Success for law firm in Supreme Court representing Romania

The Supreme Court has made a decision on an international legal costs dispute, finding in favour of the state of Romania which  was represented by Thrings.

The judgement follows a Supreme Court hearing in March over the correct interpretation of a costs order made by the court in 2020 that gave the five claimant parties, represented by two law firms,  “one set of costs”.

Alastair Govier, partner in the Thrings’ Commercial Dispute Resolution Team was instructed on behalf of Romania.

The original dispute, which concerned the loss of tax incentives to Romanian-born Swedish investors Viorel and Ioan Micula and their businesses following the ending of an investment treaty between Romania and Sweden upon the former joining the EU, led to an International Centre for Settlement of Investment Disputes (ICSID) arbitration award being made in their favour, which they then sought to enforce against Romania through the English courts.

The European Commission, however, decided that Romania should not pay that award as it would constitute unlawful State Aid, a decision that the Micula parties then appealed to the General Court of the EU.

The English court had to decide whether to stay the enforcement of the award in this country against Romania pending the outcome of that appeal to the EU’s courts and, if so, whether Romania should provide security for the award.

Following the General Court of the EU’s decision to annul the European Commission’s decision, which had prohibited Romania from paying that award, the UK Supreme Court decided that the enforcement of the arbitration award should be stayed no longer.

Romania was ordered to pay the legal costs of the Micula brothers and their associated businesses of the English proceedings, whom had been represented by two international law firms.

The Supreme Court however ordered that they could only recover one “set of costs”, not two, being the higher of the two sets of costs. In a departure from the Court’s usual approach, it also allowed them to claim the costs of two Kings’ Counsel and one Junior Counsel between them.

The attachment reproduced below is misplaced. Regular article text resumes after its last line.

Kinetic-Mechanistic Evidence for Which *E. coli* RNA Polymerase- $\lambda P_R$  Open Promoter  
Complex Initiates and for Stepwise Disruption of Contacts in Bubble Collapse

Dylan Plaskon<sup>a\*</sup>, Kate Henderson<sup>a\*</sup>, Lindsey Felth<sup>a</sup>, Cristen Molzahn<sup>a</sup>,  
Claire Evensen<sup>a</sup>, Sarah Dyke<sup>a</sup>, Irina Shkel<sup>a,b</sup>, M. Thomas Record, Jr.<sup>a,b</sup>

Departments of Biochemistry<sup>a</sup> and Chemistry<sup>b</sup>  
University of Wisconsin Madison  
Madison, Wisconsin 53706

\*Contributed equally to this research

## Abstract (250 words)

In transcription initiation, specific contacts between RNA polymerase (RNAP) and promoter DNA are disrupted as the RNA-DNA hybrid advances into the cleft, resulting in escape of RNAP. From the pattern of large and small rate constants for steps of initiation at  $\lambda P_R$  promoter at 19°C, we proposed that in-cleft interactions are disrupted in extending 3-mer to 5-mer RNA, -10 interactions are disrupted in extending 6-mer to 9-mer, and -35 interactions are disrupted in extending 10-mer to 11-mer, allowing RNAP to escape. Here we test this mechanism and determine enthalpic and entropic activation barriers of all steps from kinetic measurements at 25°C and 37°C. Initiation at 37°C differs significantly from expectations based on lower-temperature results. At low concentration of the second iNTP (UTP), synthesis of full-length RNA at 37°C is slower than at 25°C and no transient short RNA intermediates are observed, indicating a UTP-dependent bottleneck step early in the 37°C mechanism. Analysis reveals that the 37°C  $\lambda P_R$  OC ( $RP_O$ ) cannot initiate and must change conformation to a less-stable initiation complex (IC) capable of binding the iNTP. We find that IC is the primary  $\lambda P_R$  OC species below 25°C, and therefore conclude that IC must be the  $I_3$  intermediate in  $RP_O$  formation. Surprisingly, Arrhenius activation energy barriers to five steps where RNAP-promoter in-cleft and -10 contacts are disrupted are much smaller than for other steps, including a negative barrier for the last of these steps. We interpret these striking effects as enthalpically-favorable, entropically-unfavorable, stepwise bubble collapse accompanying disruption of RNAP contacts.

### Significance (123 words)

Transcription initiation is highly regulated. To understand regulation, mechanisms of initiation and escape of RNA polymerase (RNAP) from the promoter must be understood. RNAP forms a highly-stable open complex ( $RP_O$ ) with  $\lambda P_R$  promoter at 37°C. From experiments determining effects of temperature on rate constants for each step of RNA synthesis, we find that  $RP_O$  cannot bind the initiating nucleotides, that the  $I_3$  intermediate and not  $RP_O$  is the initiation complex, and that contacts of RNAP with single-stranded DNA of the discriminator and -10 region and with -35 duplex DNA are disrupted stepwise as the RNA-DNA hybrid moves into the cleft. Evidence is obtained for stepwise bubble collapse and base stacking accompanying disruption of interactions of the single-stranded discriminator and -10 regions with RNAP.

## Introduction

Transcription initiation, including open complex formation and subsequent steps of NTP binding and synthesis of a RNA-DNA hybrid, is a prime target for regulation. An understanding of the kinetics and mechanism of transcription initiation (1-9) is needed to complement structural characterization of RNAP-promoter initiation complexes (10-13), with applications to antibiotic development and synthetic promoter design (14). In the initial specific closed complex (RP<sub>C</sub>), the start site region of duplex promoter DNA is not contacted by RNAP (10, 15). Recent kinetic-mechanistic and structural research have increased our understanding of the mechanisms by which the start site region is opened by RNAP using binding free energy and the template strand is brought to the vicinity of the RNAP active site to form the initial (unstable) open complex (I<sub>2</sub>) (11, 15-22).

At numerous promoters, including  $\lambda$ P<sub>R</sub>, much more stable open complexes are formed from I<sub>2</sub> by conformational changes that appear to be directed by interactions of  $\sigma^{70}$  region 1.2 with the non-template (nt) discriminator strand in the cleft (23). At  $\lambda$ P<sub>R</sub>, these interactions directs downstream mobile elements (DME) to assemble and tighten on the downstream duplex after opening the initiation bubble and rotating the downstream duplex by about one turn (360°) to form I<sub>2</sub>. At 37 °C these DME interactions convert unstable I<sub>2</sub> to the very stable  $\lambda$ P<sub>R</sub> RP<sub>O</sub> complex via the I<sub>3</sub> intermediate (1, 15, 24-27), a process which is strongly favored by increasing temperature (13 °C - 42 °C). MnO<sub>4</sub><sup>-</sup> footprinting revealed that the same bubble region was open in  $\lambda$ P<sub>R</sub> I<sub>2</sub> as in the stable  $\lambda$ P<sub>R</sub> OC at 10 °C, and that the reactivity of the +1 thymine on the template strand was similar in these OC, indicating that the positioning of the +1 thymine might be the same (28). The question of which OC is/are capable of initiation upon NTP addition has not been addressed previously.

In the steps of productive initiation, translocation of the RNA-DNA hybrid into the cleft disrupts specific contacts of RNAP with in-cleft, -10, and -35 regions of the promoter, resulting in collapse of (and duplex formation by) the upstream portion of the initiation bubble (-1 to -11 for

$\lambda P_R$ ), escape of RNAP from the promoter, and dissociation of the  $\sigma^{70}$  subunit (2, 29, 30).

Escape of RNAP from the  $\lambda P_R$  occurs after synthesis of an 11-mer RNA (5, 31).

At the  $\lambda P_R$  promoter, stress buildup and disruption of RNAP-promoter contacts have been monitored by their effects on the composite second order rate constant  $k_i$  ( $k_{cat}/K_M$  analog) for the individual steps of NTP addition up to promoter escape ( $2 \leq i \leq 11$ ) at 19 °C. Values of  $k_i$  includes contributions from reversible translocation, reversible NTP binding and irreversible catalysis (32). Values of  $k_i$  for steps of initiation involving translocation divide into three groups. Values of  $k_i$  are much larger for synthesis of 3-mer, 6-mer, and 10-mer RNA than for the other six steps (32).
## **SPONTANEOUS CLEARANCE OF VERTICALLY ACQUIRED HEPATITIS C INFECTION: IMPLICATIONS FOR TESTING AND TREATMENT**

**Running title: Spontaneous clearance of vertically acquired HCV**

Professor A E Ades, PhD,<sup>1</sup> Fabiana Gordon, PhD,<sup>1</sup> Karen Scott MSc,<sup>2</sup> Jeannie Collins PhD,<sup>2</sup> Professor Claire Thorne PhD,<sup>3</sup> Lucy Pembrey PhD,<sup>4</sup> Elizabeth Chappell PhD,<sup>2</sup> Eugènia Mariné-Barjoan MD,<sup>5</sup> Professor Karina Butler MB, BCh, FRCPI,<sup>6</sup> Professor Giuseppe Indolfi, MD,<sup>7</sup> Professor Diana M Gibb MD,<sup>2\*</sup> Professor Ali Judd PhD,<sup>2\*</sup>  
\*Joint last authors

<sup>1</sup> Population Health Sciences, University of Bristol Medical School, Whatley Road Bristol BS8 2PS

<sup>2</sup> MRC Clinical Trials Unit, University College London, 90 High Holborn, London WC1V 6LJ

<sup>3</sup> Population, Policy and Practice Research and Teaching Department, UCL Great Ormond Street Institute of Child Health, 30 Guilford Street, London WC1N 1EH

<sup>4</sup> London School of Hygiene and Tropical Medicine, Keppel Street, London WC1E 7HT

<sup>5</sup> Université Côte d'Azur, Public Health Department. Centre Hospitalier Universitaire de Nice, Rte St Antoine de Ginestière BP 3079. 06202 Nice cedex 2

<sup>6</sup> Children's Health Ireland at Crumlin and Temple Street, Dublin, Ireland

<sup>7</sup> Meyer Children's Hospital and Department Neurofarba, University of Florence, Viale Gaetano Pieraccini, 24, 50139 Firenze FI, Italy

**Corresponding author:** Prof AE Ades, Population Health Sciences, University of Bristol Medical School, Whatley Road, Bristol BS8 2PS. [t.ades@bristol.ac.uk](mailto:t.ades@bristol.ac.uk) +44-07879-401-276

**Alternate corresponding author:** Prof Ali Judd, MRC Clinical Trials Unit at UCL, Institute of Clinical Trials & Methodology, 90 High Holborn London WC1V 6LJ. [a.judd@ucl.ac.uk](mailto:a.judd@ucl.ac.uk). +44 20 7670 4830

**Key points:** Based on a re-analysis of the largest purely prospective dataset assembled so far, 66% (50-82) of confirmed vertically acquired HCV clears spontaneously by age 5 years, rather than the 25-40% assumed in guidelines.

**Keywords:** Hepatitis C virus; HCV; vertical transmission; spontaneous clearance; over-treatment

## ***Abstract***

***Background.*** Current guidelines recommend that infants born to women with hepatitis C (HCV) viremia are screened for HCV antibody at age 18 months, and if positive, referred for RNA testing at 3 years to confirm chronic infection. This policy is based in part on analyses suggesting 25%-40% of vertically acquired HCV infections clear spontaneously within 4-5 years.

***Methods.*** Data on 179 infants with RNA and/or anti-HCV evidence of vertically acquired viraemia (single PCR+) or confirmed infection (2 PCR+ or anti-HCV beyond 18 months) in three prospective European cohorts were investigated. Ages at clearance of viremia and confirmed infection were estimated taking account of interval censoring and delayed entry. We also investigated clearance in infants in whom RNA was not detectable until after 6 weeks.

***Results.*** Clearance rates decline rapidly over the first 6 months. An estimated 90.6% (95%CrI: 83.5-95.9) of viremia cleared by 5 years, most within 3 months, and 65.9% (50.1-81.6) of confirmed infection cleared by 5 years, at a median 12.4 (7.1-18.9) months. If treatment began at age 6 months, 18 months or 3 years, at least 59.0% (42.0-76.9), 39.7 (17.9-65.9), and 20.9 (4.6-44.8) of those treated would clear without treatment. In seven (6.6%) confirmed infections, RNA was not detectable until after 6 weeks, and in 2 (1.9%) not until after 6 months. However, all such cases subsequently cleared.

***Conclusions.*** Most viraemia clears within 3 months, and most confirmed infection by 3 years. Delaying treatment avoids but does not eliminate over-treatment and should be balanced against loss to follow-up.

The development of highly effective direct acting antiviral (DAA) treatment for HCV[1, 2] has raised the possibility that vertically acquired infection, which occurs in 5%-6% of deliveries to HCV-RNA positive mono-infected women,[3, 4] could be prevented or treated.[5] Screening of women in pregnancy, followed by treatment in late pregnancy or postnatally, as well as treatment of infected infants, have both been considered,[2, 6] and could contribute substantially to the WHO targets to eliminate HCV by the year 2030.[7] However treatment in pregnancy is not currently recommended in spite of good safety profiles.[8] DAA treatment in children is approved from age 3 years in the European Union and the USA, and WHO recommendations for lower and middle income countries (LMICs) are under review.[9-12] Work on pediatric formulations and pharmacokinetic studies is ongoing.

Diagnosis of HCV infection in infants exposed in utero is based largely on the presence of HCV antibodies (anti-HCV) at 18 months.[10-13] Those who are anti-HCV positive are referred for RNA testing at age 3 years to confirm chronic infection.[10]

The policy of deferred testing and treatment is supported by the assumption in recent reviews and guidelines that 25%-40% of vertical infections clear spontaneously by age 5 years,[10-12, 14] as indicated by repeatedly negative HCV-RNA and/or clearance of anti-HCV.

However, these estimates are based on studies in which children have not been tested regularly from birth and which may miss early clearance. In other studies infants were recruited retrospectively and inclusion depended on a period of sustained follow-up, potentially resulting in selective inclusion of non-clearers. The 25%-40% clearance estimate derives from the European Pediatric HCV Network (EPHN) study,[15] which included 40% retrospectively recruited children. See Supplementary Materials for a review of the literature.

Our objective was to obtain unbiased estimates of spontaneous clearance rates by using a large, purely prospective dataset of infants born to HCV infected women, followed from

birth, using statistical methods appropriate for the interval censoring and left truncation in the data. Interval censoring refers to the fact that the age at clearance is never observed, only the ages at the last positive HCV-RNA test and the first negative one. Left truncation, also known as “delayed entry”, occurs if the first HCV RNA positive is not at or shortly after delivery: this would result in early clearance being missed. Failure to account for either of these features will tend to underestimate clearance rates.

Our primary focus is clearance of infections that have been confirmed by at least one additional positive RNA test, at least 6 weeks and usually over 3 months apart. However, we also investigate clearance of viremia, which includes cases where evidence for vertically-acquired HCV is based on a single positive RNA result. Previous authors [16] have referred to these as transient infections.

A dispute then arose as to the interpretation of that costs award. The Micula parties argued that “one set of costs” entitled them to claim one combined set of costs drawn from both of their law firms’ bills of costs but removing any duplicated items, in a “mix and match” type approach. Such an interpretation would allow them to claim a much higher proportion of the total legal costs they had spent.

Representing Romania, Thrings successfully argued that “one set of costs” entitled them to claim the costs and disbursements of only one law firm, not a combination of both law firms’ costs, thereby reducing the amount they could claim. The Supreme Court sided with Romania on all points.

The Supreme Court also decided the correct approach to claiming in Sterling, in a bill of costs prepared for detailed assessment, legal costs that had been invoiced and/or paid in a foreign currency (in this case, US Dollar and Euros). The parties relied on conflicting authorities on this point, so the issue of principle was apt for resolution.

Again, agreeing with Romania’s submissions, the Court decided that the date on which any currency conversion in a bill of costs should take place is the date when those costs were paid by the client, not as the Micula parties had contended, when the bill is filed with the Court.